Sitting atop a tall hill in northern Croatia, Trakošćan Castle looks like a castle out of a fairytale, proudly peeking its spires out above the tree line, but on closer inspection the signs of neglect have started to mar the centuries old fortification.
Originally built in the 13th century, the large manse was not the product of some lord’s need for a grand home but was instead created as a defensive fortification.
Despite its martial background, its position on top of a verdant forest hill has given it a distinctly romantic appeal.
Down the centuries the castle has been added to and rebuilt a number of times giving it a bit of a varied design sense, but losing none of its beauty.
While the original owner of the castle is unknown, the estate was passed down among a series of Croatian nobles before finally being turned over to the Croatian government in the 1950s.
In 1953 Trakošćan Castle was opened to the public as a museum housing a number of historical displays about the area, the castle, and Croatian history in general.
A man-made lake was also built at the foot of the hill making the view from the castle all the more spectacular.
in recent years the grounds have been neglected and signs of wear and age are beginning to appear.
Despite this, if you have to choose just one to visit while you are visiting Croatia, you can’t beat Trakošćan Castle for sheer storybook looks.
Sleeping Beauty Castle at Disneyland, Cinderella Castle at the Magic Kingdom and numerous other magical castles were all inspired by a real castle: Neuschwanstein Castle, the awe-inspiring retreat of the “fairy-tale king,” Ludwig II of Bavaria.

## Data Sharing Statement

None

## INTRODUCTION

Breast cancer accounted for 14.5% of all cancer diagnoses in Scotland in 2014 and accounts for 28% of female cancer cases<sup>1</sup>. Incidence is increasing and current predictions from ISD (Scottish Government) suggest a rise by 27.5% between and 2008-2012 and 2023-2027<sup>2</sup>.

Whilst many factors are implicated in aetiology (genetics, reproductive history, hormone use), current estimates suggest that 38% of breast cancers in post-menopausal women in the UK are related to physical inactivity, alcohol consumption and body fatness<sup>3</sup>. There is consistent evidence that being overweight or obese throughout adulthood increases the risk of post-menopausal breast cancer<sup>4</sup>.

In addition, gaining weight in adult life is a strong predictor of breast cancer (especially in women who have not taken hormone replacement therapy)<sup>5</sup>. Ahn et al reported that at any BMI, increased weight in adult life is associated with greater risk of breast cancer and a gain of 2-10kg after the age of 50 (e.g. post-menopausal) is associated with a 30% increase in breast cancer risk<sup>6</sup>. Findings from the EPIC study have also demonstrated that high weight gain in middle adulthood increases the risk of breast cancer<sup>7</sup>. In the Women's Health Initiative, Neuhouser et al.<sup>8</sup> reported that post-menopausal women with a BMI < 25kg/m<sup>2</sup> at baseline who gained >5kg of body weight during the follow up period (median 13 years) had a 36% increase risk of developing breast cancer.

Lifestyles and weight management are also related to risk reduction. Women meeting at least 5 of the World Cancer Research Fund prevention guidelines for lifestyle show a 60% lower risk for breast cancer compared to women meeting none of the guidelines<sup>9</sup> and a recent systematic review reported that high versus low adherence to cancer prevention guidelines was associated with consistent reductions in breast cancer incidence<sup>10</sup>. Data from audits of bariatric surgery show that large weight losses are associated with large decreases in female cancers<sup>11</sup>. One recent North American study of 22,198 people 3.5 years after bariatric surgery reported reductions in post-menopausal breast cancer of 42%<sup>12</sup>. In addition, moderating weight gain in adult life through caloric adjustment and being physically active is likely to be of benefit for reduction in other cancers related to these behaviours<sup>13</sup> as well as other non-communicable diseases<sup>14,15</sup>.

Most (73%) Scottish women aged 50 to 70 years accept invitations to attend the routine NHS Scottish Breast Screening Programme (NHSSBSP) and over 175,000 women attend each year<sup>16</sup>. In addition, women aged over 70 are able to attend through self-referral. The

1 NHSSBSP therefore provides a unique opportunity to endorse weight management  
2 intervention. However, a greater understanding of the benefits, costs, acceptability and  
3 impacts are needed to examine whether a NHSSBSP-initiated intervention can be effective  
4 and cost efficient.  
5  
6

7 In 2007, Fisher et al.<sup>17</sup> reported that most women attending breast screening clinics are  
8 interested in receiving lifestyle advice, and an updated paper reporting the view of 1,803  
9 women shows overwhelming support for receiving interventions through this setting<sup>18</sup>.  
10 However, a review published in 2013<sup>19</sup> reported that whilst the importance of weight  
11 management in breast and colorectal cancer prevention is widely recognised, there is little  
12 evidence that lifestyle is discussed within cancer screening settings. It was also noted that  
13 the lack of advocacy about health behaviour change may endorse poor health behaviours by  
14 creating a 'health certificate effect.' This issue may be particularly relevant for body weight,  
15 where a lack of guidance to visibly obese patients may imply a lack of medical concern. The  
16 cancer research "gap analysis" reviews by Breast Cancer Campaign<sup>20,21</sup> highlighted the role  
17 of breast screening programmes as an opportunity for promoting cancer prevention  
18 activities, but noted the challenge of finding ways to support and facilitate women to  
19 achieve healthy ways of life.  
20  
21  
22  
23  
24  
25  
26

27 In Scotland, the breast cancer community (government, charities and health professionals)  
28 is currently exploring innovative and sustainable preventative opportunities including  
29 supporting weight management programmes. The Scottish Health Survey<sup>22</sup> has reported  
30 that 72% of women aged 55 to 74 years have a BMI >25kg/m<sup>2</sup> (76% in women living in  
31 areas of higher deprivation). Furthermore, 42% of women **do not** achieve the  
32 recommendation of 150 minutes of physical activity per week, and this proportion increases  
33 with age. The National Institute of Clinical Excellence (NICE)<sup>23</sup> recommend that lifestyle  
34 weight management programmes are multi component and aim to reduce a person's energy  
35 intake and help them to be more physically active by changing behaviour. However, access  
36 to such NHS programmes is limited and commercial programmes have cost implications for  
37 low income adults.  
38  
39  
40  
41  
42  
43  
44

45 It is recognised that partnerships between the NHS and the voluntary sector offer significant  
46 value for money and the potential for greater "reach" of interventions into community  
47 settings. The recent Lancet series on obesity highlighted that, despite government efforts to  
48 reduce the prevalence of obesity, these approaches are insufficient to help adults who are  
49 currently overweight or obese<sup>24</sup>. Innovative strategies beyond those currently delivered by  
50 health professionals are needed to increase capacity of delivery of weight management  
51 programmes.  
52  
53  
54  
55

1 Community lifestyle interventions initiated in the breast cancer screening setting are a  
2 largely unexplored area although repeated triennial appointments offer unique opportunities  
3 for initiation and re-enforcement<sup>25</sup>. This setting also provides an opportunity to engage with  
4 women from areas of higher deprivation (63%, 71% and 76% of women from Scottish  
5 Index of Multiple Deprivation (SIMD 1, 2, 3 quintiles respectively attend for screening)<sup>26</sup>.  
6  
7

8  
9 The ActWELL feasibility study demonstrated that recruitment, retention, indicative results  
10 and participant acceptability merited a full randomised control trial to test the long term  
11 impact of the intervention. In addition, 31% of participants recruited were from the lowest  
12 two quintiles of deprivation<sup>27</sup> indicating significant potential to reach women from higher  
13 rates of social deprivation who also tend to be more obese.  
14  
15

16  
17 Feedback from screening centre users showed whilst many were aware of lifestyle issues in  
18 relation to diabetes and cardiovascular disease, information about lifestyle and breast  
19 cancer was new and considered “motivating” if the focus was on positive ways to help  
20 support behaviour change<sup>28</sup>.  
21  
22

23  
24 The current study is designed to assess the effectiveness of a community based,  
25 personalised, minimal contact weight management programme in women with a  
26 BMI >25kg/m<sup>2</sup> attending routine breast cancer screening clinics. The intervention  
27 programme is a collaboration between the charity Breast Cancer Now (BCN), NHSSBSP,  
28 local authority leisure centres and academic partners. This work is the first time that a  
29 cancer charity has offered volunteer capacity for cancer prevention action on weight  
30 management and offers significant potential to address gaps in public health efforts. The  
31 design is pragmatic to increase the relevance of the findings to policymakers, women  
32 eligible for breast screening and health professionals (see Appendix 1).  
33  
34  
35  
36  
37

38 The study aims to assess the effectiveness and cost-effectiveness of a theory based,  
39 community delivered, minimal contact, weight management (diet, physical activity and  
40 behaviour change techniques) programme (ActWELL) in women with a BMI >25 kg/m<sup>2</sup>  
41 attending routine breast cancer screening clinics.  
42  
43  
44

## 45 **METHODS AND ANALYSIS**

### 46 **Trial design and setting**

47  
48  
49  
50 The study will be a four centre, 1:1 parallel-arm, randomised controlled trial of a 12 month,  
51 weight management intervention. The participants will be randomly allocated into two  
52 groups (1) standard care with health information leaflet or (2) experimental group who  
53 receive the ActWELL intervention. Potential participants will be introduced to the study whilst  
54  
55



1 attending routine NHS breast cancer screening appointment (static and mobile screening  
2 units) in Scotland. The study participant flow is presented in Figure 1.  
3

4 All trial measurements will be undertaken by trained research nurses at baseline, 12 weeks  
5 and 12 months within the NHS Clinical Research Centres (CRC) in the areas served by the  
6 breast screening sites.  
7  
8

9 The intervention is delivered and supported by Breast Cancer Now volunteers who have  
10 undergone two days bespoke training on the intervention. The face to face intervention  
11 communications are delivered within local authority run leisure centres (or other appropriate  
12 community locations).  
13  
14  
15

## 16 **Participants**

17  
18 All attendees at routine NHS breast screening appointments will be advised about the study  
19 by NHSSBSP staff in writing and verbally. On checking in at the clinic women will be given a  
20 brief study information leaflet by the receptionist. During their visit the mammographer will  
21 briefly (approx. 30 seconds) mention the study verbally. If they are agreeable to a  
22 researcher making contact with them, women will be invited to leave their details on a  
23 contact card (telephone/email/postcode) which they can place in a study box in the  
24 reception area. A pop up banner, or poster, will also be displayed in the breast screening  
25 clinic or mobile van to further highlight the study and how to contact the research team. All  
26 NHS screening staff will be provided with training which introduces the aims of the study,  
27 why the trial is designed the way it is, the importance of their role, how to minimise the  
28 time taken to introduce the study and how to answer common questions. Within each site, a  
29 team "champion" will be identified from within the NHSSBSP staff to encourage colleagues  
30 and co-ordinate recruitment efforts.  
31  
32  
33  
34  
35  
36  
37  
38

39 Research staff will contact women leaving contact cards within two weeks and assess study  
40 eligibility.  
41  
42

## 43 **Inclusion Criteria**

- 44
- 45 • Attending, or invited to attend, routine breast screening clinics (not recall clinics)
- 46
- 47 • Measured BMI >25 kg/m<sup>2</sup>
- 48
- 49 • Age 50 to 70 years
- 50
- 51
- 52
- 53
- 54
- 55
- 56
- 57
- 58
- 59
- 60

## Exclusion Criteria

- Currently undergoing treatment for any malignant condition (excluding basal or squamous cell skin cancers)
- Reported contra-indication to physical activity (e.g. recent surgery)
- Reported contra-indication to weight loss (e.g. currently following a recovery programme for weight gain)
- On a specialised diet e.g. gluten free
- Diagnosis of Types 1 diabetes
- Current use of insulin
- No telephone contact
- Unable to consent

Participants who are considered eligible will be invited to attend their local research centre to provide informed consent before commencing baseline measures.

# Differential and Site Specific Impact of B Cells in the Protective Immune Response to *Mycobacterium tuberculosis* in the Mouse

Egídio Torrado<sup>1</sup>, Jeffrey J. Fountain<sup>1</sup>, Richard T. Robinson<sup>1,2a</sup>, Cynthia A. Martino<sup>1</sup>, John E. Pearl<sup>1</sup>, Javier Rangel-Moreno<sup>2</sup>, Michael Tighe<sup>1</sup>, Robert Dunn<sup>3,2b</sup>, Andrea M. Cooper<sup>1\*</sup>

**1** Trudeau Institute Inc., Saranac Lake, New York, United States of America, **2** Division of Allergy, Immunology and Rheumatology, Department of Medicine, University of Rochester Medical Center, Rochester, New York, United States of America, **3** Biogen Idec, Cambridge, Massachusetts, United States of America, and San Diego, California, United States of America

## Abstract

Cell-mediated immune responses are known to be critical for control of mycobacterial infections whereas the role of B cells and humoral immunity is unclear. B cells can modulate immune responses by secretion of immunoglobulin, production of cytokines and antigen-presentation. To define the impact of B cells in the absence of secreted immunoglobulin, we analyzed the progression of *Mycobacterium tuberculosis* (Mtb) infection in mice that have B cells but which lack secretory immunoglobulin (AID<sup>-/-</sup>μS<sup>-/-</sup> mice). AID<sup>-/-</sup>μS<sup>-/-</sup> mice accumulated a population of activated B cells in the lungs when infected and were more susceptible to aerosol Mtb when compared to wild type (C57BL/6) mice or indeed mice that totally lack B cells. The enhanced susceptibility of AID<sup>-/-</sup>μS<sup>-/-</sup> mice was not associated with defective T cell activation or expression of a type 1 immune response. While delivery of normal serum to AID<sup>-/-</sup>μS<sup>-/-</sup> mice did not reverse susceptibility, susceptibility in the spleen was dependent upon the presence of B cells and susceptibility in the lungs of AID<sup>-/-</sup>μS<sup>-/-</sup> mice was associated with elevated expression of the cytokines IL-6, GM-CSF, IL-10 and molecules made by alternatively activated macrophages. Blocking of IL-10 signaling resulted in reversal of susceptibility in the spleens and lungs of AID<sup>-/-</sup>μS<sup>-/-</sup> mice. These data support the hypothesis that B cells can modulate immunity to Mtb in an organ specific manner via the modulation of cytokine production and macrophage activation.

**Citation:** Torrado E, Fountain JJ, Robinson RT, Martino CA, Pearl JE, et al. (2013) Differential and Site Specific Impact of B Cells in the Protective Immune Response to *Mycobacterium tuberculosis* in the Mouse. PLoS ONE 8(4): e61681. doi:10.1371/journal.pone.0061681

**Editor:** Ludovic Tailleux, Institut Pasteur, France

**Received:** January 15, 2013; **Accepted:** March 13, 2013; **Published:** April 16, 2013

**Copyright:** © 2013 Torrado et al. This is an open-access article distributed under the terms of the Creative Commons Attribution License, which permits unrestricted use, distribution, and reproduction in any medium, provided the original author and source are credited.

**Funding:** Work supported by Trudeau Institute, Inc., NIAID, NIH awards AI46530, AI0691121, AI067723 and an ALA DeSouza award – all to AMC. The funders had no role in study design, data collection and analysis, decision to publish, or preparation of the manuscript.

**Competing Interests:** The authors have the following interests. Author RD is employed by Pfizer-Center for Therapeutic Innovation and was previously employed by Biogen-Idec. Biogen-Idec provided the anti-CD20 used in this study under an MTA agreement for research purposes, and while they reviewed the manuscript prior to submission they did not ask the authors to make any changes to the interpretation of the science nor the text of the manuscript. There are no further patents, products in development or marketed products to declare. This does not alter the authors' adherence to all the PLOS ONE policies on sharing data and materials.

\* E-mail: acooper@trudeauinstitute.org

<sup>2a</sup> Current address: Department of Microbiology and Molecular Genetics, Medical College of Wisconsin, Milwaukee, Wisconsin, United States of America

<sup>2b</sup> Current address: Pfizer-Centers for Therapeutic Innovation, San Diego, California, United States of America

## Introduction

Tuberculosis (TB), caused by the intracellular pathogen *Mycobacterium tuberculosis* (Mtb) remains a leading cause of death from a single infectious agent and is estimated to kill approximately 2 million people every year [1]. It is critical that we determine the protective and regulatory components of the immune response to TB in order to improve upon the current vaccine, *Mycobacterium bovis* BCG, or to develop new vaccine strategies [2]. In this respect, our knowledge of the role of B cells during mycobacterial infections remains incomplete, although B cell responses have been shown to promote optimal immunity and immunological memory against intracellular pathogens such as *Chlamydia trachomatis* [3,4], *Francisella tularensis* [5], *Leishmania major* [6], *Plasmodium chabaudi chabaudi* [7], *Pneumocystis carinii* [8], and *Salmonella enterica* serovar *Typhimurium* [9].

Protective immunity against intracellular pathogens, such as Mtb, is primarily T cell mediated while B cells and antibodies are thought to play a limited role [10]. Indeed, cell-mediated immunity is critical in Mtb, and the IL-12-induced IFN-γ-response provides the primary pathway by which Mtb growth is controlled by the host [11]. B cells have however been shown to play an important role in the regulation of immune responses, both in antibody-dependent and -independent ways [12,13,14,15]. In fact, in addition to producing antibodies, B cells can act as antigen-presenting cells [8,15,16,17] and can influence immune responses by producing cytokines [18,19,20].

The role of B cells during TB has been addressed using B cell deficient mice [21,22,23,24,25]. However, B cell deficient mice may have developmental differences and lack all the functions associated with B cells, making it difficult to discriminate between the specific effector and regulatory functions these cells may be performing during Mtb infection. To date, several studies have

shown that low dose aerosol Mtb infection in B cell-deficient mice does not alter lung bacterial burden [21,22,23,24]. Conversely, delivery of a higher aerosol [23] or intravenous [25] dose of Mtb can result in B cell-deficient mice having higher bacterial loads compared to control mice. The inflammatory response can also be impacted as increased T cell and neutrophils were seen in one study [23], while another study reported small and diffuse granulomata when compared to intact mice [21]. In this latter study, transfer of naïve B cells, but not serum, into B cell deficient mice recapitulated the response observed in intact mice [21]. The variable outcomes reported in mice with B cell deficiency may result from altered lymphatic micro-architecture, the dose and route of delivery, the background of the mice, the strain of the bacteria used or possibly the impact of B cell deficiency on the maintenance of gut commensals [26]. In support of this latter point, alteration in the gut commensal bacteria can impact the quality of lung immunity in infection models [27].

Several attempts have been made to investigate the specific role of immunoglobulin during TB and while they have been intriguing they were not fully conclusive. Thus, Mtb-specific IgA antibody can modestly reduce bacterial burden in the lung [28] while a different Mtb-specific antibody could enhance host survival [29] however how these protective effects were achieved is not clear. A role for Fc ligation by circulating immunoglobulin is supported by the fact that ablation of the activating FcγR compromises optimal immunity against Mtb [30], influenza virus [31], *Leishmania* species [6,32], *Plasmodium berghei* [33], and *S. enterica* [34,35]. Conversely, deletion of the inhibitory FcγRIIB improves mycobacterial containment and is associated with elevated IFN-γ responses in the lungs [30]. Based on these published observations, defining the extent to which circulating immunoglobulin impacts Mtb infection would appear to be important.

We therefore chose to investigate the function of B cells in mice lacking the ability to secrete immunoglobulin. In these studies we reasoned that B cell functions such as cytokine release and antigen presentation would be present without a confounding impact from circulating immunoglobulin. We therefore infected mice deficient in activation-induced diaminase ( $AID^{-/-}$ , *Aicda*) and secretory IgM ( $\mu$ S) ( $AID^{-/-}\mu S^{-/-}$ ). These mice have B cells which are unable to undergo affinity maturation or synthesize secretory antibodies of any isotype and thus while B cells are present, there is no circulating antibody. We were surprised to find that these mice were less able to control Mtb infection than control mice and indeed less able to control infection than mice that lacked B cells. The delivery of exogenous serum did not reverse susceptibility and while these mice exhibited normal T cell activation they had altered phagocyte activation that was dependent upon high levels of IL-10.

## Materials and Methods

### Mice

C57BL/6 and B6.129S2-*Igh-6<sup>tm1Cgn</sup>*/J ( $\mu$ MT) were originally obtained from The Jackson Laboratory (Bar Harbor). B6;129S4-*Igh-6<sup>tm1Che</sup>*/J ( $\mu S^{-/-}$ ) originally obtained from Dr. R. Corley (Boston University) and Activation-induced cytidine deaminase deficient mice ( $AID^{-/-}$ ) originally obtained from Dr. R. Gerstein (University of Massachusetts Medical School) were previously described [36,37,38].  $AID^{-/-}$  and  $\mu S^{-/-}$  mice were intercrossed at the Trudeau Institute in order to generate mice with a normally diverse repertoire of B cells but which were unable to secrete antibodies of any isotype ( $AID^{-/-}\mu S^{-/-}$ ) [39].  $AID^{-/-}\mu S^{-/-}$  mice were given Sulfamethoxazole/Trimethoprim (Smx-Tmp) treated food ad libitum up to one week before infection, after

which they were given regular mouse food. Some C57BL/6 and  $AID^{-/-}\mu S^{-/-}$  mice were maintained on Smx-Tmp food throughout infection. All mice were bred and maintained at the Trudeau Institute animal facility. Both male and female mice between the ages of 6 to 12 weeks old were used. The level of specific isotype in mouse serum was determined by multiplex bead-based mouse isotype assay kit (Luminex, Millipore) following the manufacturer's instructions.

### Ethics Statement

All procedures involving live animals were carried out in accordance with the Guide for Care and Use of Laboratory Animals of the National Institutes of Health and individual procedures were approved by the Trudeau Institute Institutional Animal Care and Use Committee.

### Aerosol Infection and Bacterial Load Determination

Commissioned by the king in homage to Richard Wagner, the fantastical castle was designed by theatrical set designer Christian Jank.
The first stone of Neuschwanstein Castle (which literally means, “New Swan Stone palace”) was laid in September 1869. The technology used to build this castle was considered modern and advanced.
New inventions such as electricity, plumbing, heat and steamboats were used in the construction of the castle, and Ludwig himself was considered responsible for the introduction of many of these inventions to the area.
In 1886, as the massively expensive castle neared completion, the State Commissioner pronounced Ludwig insane and arrested him soon after. The day after he was arrested, Ludwig requested the Commissioner go on a walk in the woods with him.
The commissioner agreed and told his guards to stay behind. Both were found mysteriously dead in a lake later that evening.
Ludwig was never able to see the finalised castle, but his taste for elegant, and extravagant, design resonates throughout the interior of the castle.
After his death, the castle was opened for the public to help pay off the expenses and now attracts over a million people a year.
Of particular delight is the Grotto Room, an artificial cave complete with stalactites and a waterfall; it was intended to represent a cave from Wagner’s opera “Tannhauser.”
Already in ruins by the time it was captured in glowing colors by romantic painter J. M. W. Turner in 1802, Dolbadarn Castle dates back to the days of the legendary Welsh ruler Llywelyn the Great in the 13th century.
The 50-foot tower of Dolbadarn Castle watched over the Llanberis Mountain Pass.
Once a strategic stronghold, it’s now mostly popular with rock climbers and outdoor adventurers who come to explore the craggy landscape.
In 1284 the castle was seized by Edward I during his invasion and conquest of Wales.
Although the castle remained a manor house until into the 14th century, the slow decline of the fortress began when Edward removed some timber to add to the construction of his great castle at Caernarfon, his seat of power.